A relative sent me a link to a newspaper article on property development today.
“If we have a new tax, it must be this” writes Liam Halligan in The Telegraph.
He favours a “supply side” tax on developers to increase house building.
“What would you say to this?” my relative asked. Well, now I’ve fixed a plaster to stem the bleeding caused by banging my head against a wall, I’ll tell her – and you.
For those who can’t be bothered to google the article or would rather eat your own hand than read The Telegraph (not me, I read it), I’ll summarise his article first.
- Despite the predicted slow-down in the housing market, house prices remain high (compared to wages, for example). Home ownership is falling. The best way to decrease prices is to increase supply.
- Help To Buy didn’t work and if anything helped increase prices and disproportionately helped larger developers.
- Small developers are losing market share to large developers (down to just 10 per cent). Smaller developers deliver sites as soon as they get planning as they don’t “land bank” sites to wait for values to increase.
- “Planning gains” (a rise in the value of land when planning permission is granted) are made on agricultural land in particular. Developers should be taxed on this, splitting it 50:50 with local councils to be spent on infrastructure (a “supply side” tax like those on energy companies).
- This would increase housing and lead to a building boom.
There is a lot here to agree with but I’m afraid the conclusion in particular is hopeless nonsense.
In my book, if you are going to deal with a problem, the first rule is to correctly identify that problem and the second is to take action to directly solve it.
Sounds simple, yes? If you’re unblocking a sink, finding the blockage and removing it is simple.
But if you’re trying to solve the housing crisis, it requires a bit more than an hour of swearing and the cunning use of a metal coat hanger.
And the more people who have an opinion, the harder it is to find the right one.
So, what is the real problem here? House prices are high because we don’t build enough houses to cope with demand. In the main, this is true. There are other factors, but we can leave that for another day.
In short, Mr Halligan is right, we do need to increase supply. He is also correct to say Help to Buy didn’t work and that the monopoly of large house builders controlling the market is a negative (although land-banking is something between a complete myth and a massive misunderstanding of the system).
Now we have identified the nub of the problem (not enough new houses and too many being built by the wrong people), how do we solve it?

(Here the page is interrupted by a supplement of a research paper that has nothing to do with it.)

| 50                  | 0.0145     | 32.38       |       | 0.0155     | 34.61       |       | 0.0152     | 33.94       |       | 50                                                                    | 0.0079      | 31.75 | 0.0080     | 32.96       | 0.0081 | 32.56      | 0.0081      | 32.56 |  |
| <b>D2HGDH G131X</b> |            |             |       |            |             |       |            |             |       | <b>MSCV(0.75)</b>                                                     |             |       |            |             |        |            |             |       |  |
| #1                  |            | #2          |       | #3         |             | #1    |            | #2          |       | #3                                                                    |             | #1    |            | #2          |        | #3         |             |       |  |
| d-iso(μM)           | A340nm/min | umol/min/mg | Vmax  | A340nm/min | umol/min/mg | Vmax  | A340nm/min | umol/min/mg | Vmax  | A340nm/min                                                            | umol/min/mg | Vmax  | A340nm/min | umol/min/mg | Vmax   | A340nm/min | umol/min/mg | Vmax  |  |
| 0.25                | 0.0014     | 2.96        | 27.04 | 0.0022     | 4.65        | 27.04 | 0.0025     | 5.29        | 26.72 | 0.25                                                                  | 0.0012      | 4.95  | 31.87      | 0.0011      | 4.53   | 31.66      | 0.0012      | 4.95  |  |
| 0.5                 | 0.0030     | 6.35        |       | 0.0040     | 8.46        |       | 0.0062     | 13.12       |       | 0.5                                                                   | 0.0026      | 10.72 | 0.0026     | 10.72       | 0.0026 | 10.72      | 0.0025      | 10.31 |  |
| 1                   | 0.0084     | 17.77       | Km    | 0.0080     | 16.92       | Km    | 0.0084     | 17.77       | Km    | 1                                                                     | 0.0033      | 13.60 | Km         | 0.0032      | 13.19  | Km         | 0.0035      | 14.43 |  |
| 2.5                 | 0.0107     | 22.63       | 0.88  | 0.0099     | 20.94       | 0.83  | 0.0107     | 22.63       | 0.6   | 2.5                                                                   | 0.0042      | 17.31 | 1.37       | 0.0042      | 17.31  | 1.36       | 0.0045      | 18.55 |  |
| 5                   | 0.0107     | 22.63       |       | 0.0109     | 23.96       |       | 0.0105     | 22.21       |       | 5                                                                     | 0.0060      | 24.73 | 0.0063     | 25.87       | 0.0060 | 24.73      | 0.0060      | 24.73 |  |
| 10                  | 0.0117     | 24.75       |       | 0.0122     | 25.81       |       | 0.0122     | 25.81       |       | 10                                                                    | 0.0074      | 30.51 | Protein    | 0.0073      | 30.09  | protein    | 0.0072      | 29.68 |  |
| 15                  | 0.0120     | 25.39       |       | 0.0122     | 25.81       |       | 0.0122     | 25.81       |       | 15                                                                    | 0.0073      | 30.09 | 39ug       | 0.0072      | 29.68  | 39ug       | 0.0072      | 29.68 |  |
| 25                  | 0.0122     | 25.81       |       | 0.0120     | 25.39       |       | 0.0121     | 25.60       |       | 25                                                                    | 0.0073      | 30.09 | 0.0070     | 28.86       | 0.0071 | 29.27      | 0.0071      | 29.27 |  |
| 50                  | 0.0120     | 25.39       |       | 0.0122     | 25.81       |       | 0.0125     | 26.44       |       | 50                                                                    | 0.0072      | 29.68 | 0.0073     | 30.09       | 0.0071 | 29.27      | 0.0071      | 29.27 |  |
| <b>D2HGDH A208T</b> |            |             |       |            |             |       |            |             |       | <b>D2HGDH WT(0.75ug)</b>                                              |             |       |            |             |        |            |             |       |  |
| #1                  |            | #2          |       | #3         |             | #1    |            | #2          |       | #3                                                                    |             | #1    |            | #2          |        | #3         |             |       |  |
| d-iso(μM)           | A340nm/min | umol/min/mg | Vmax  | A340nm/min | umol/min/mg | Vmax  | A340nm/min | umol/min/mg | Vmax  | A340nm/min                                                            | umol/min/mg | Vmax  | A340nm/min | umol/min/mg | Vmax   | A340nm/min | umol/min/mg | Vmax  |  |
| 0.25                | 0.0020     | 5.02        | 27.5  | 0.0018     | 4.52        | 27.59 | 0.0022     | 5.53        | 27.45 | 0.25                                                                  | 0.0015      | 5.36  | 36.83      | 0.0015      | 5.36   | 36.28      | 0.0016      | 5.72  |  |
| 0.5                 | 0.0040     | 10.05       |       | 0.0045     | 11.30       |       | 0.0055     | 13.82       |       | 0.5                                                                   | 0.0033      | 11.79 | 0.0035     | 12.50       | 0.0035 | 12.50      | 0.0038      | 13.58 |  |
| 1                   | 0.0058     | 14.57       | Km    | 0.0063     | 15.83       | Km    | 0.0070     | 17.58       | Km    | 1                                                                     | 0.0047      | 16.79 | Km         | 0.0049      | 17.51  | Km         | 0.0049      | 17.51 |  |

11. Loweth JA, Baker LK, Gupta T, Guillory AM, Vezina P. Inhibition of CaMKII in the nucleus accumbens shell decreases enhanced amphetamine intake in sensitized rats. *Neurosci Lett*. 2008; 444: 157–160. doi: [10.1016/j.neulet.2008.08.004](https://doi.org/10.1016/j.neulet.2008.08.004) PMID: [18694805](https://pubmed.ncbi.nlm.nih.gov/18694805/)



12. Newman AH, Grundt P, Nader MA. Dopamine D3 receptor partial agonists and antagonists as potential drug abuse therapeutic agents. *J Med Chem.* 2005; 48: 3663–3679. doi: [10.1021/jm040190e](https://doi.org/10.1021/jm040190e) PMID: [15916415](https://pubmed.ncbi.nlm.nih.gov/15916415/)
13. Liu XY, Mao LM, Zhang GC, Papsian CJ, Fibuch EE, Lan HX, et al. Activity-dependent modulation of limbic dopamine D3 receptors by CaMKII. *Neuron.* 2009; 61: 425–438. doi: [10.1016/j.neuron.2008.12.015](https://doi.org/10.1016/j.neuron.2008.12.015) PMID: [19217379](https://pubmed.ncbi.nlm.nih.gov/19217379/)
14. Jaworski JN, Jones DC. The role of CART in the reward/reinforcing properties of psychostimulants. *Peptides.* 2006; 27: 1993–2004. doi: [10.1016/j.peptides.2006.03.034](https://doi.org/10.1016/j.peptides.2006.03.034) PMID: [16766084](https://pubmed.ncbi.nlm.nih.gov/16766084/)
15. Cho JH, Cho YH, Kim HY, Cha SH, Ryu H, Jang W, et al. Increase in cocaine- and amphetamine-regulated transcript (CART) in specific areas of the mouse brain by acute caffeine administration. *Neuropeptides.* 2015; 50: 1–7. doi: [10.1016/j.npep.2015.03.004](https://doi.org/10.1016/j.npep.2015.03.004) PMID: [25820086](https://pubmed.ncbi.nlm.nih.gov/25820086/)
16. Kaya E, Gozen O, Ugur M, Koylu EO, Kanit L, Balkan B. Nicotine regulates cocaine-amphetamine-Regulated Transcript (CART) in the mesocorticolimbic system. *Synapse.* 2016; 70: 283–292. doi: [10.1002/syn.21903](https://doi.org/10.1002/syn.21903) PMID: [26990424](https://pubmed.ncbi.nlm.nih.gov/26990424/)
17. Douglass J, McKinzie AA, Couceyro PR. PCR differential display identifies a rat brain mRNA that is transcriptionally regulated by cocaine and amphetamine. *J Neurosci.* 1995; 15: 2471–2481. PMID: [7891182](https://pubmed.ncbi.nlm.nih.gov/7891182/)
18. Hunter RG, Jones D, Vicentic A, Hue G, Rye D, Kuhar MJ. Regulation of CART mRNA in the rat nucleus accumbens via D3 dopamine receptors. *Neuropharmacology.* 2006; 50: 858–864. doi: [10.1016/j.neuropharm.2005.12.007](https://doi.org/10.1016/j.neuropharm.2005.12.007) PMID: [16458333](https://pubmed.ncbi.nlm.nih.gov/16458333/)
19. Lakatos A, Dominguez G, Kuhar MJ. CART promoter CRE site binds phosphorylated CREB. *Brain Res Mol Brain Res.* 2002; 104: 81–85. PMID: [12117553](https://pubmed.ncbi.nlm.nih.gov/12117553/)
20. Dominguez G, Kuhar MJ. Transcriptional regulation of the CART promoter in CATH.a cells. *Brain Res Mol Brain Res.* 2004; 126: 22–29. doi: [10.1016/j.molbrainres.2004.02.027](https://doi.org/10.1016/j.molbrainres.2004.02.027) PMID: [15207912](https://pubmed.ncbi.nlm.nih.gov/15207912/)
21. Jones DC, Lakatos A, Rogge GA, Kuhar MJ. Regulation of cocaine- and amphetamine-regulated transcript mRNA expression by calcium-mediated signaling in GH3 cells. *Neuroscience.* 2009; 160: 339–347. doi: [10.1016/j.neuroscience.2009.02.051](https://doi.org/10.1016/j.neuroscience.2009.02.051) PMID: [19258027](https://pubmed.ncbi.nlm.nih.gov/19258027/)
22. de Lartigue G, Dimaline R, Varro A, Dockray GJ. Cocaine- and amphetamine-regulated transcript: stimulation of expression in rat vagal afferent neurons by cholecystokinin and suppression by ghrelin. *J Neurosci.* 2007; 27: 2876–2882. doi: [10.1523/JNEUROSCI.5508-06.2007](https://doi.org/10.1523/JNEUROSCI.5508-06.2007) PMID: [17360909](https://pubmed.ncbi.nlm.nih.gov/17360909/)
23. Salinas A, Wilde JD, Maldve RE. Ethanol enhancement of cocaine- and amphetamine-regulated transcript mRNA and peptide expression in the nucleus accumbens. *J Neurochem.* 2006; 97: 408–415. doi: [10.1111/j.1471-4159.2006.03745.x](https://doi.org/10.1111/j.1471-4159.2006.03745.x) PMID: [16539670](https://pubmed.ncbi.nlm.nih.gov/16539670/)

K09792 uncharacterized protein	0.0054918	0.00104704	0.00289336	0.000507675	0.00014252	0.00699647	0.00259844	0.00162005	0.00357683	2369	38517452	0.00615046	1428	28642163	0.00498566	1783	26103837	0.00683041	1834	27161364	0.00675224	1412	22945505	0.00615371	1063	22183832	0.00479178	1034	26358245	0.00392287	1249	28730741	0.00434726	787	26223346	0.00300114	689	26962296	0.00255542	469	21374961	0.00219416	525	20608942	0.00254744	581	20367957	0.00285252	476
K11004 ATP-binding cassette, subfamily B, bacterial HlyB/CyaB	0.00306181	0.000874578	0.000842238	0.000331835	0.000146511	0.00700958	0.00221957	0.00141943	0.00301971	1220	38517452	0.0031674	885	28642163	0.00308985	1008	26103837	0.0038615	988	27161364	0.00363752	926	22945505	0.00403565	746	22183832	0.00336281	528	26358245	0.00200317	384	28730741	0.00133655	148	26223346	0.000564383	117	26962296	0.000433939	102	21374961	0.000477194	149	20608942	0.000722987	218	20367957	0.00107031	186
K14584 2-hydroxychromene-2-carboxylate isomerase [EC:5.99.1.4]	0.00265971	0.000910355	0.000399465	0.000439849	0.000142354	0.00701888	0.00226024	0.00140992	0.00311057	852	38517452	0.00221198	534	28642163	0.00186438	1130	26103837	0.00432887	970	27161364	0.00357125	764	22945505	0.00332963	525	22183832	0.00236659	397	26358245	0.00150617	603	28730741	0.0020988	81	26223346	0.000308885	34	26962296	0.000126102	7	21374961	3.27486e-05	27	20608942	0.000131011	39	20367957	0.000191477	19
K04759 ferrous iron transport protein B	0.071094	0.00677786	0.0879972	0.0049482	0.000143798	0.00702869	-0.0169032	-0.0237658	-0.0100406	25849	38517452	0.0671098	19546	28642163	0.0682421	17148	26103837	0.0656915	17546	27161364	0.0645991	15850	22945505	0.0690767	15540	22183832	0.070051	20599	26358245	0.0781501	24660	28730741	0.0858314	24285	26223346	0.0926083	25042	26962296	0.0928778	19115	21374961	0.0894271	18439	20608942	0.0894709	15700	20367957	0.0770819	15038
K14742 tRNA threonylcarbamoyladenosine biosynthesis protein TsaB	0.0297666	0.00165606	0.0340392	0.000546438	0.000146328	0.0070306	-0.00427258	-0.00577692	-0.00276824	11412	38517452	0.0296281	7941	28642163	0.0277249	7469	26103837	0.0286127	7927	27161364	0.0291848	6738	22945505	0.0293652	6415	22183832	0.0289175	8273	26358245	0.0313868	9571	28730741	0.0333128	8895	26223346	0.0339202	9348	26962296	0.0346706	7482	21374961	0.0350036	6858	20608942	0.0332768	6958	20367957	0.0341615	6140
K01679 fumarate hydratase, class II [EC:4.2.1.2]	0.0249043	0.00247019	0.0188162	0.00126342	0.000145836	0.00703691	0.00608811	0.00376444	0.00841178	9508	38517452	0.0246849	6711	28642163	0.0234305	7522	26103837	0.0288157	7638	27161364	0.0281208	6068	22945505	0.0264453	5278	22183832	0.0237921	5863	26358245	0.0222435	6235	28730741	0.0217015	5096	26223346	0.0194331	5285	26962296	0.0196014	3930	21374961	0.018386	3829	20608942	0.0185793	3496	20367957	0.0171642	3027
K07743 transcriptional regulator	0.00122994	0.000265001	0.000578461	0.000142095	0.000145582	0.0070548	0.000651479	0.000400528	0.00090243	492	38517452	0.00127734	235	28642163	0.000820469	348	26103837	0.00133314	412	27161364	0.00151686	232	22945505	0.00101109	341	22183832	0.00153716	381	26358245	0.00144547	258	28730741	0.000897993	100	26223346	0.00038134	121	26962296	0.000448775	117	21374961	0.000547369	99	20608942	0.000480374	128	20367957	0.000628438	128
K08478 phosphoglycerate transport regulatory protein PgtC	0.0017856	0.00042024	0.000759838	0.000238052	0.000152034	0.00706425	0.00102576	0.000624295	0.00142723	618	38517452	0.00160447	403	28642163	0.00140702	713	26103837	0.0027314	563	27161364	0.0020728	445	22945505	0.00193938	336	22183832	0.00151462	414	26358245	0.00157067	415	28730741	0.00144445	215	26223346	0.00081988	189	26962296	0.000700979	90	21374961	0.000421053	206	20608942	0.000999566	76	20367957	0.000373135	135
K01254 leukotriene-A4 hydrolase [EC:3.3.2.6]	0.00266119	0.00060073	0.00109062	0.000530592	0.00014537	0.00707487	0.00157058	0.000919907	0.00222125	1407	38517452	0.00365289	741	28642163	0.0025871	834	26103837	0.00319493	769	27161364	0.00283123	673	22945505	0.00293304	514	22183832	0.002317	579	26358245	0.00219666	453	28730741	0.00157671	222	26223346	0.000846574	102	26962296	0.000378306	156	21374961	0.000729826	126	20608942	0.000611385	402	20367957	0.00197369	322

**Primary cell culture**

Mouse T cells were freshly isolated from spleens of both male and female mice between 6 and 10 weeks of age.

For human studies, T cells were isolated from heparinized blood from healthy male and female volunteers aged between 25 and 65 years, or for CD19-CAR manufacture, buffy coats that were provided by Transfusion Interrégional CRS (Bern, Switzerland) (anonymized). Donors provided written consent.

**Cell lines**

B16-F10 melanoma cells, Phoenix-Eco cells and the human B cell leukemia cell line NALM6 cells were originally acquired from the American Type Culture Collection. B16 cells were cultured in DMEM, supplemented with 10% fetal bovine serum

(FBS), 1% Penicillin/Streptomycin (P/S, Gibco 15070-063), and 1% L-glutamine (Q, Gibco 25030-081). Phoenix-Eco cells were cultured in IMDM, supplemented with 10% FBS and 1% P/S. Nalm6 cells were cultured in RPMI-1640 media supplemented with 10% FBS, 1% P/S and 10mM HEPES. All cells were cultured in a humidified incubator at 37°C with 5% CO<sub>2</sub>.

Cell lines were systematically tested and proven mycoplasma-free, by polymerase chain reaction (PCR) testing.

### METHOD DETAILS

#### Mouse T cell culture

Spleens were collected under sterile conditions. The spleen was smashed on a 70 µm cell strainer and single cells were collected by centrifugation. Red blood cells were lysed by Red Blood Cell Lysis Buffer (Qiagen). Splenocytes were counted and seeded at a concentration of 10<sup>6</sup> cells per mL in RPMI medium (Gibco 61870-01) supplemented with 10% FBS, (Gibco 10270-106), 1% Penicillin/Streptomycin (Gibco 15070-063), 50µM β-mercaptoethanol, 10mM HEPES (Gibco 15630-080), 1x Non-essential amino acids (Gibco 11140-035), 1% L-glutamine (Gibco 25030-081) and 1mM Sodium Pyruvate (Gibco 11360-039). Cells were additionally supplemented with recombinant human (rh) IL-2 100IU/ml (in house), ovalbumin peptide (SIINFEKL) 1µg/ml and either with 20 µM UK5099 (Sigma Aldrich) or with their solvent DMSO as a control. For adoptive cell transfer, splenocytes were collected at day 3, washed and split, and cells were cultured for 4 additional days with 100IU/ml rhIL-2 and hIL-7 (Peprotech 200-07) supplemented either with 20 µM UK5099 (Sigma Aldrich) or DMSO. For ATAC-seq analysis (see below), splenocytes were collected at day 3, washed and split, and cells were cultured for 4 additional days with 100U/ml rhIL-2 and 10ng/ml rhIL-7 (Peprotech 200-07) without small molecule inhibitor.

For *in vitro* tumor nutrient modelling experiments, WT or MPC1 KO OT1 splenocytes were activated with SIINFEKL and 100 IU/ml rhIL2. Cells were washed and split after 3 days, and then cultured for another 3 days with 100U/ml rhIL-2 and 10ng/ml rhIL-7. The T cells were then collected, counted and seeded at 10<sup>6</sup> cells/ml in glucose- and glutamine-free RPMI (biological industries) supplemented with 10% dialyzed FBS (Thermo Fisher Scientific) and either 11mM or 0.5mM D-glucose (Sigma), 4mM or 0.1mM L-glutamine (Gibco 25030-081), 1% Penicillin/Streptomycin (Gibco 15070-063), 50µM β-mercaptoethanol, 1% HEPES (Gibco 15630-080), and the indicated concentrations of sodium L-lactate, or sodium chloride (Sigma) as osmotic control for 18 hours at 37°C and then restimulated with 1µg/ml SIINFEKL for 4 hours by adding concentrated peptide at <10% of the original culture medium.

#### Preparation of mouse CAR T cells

His answer – to tax developers – is just playing to the public, I’m afraid. Now I know everyone loves a bit of developer bashing but let’s think this through.
If we decide we don’t have enough new drugs for cancer, it makes no sense to say – every time a pharmaceutical company invents a new one – that we should tax the hell out of them for doing so. It doesn’t seem like a great encouragement to succeed, does it.
I also really don’t understand the argument that half the money should be given to local councils to spend on infrastructure.
When planning permission is granted for major sites, developers have to pay huge amounts towards that already – and millions more is available through government programmes such as the Towns Fund. How would this new tax directly lead to more houses being built?
The tax appears to be for small and large developers alike – so how does that reduce the monopoly of the bigger firms?
It is also targeted at housing on agricultural land because housing in cities doesn’t work like that. On brownfield sites, viability is already an issue and adding extra cost (tax) will reduce housing supply, not increase it. Existing land values won’t greatly decrease just because taxes rise – the two aren’t related at all.
At a council Planning Committee meeting that I attended not that long ago, a lady asked what the council was doing about the high house prices in the area.
The reply was that the council was trying to work with developers to get approvals through as efficiently as possible.
When our planning application that followed was then refused for completely nonsensical reasons, the lady and her friends applauded and cheered approvingly. No one seemed to spot the irony.
And so, let’s face reality. The blockage is the planning system. It is increasingly difficult to get new houses approved – too many rules, too many unnecessary reports, far too much power in the hands of “Nimby” (not in my back yard) objectors, committees and planning officers at odds – the problems have long been the same.
Myself and others were asked by Brighton and Hove planners this month how to help improve things locally.
We came up with a long list and I’ll let you know how that goes – but funnily enough laying on extra taxes, like some kind of negative bonus system, deployed every time we delivered the very thing that we’re being asked for … that wasn’t something anyone suggested.
We need to make targeted positive changes, not more negative ones to please the court of public opinion and little else.
Ed Deedman is a director of Cayuga Homes.
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